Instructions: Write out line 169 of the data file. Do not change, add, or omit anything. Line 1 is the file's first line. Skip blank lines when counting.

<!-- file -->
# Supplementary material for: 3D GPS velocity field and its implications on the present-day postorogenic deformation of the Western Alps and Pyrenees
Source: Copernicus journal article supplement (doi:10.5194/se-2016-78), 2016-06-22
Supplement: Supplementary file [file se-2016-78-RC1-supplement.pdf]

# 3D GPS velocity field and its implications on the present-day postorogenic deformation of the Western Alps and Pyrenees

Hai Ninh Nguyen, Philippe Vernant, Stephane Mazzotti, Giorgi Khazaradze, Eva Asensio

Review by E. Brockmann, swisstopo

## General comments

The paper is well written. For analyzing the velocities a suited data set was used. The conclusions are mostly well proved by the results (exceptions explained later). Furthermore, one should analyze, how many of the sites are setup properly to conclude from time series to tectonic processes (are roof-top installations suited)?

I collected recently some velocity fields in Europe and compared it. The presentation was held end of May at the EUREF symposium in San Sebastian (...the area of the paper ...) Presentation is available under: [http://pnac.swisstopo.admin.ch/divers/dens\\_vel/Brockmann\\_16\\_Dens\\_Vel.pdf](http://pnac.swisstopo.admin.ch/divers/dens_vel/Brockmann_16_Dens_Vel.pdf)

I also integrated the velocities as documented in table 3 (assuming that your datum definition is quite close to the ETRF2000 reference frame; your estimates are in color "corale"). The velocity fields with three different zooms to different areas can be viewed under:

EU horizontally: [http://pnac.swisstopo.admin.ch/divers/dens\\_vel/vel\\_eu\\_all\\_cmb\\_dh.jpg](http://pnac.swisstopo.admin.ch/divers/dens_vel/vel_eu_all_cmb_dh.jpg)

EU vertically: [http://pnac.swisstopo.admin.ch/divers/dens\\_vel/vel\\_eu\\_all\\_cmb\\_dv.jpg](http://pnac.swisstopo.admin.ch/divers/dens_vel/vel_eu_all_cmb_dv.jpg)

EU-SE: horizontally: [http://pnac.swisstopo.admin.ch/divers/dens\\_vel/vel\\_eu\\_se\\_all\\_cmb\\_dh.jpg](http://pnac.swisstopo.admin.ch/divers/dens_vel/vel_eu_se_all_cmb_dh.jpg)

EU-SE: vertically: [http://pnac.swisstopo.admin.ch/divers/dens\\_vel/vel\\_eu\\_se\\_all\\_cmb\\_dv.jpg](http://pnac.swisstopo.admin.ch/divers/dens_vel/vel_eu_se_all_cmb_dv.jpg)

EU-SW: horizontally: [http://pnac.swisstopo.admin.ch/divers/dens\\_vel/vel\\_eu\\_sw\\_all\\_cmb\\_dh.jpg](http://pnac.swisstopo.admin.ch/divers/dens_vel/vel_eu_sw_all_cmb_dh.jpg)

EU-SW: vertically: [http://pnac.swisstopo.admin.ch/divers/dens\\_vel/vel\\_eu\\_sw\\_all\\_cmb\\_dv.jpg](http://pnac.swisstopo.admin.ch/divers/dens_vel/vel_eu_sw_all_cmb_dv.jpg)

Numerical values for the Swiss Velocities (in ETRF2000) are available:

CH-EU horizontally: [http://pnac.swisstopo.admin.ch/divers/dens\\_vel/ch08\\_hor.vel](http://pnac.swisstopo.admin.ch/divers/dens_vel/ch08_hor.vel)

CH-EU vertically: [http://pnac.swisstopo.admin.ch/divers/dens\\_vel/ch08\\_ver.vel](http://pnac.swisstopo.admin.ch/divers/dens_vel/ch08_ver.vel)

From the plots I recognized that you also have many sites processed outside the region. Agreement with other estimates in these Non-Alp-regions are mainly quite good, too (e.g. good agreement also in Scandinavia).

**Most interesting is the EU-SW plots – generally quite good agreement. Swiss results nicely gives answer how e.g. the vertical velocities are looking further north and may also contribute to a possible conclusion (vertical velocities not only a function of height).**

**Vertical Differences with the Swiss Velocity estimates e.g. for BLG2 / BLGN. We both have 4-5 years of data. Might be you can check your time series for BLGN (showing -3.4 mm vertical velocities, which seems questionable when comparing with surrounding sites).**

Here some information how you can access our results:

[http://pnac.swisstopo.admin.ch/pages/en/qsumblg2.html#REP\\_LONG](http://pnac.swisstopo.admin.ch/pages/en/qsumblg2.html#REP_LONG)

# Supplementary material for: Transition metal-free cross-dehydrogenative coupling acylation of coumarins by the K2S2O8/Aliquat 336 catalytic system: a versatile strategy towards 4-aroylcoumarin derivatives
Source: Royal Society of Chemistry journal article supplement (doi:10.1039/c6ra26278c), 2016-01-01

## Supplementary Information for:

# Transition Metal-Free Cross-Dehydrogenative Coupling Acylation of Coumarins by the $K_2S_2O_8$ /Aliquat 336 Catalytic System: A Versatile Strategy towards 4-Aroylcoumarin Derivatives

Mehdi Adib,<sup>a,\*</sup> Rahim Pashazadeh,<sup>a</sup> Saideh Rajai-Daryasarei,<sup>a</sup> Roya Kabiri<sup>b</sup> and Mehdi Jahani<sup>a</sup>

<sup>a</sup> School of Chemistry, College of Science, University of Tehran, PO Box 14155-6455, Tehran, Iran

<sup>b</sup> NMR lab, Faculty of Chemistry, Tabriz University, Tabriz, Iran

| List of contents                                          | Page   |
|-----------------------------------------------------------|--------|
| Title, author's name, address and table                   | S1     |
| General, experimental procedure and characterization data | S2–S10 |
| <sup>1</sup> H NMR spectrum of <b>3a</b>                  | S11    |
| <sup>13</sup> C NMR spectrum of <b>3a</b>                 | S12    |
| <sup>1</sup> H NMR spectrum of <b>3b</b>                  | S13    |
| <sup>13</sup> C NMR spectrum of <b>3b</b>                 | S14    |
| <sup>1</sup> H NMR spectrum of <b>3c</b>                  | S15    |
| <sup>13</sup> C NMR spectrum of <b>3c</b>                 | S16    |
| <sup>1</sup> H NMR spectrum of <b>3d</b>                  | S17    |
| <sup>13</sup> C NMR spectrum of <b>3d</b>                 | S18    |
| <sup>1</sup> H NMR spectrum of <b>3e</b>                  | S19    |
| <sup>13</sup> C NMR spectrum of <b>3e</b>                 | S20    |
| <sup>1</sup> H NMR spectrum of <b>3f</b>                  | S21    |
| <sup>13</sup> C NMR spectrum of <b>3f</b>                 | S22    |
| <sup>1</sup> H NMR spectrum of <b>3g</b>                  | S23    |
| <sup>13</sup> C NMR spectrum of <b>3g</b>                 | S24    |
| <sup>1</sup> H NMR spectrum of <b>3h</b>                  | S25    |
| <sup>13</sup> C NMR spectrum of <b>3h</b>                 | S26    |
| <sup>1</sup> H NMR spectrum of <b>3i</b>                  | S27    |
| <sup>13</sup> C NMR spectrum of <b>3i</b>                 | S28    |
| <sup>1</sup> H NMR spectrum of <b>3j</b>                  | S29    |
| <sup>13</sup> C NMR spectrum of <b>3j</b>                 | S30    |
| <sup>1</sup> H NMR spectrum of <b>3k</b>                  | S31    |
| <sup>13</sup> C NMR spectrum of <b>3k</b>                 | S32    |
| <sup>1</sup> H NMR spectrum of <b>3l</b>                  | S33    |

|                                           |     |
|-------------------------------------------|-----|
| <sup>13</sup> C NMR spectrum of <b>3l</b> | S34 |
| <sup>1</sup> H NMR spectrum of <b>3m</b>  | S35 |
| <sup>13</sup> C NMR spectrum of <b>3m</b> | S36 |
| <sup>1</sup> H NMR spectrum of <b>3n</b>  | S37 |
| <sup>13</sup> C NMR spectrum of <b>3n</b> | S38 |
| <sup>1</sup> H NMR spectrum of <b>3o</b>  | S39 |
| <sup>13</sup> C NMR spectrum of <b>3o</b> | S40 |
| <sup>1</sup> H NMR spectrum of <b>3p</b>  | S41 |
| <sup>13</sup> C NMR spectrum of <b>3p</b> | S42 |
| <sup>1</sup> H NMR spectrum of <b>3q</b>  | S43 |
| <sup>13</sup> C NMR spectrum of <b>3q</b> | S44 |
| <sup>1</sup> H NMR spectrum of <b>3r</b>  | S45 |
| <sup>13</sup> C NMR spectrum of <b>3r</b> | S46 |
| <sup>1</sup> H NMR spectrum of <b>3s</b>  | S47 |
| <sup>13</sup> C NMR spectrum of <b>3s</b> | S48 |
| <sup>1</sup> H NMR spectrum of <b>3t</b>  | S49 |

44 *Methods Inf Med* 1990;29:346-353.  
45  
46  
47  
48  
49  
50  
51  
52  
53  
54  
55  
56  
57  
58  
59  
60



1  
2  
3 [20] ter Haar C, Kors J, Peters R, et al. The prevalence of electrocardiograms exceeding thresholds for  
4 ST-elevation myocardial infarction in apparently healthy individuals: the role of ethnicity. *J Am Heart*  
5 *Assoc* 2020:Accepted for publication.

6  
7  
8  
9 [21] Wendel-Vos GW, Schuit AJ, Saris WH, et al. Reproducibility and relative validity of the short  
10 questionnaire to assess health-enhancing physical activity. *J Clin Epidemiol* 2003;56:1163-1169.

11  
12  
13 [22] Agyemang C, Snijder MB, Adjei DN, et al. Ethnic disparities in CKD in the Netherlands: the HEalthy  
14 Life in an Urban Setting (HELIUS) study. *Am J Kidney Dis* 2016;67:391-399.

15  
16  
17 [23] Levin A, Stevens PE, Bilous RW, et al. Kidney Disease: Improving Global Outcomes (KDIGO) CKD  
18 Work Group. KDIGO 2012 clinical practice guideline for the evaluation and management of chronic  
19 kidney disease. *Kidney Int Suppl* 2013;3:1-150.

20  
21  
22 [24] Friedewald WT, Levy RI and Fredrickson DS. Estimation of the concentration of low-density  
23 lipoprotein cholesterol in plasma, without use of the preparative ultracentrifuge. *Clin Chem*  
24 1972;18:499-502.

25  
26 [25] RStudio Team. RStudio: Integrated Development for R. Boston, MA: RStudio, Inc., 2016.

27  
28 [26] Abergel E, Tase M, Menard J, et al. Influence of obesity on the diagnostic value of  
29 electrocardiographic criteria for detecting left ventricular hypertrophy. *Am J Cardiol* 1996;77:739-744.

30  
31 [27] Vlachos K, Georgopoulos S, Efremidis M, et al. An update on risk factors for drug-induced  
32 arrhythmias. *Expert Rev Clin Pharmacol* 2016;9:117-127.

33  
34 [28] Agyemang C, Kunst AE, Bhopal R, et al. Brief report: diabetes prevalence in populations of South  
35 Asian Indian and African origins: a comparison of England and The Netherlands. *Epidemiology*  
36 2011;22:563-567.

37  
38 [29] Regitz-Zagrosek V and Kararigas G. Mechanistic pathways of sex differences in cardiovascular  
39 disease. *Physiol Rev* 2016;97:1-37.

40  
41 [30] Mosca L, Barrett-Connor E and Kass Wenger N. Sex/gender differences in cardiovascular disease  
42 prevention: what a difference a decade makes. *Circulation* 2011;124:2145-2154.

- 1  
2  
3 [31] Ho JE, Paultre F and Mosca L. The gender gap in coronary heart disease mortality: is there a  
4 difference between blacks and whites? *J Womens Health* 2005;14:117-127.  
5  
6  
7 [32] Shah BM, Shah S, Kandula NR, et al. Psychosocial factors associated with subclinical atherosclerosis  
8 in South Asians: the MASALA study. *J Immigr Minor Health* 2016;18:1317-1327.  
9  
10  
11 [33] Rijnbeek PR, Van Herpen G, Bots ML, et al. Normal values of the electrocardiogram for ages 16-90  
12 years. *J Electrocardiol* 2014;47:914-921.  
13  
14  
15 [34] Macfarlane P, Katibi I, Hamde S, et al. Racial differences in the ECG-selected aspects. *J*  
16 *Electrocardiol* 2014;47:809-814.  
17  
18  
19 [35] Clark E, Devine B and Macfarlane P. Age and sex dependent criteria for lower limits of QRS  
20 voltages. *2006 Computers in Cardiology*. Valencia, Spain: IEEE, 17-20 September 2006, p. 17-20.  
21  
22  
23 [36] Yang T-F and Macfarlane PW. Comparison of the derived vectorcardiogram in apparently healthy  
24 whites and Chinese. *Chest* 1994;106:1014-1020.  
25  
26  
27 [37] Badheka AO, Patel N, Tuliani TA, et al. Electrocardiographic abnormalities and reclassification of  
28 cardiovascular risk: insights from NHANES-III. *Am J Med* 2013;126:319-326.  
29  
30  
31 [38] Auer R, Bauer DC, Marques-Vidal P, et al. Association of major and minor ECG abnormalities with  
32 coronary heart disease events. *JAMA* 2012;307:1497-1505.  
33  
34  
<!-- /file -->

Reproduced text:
34  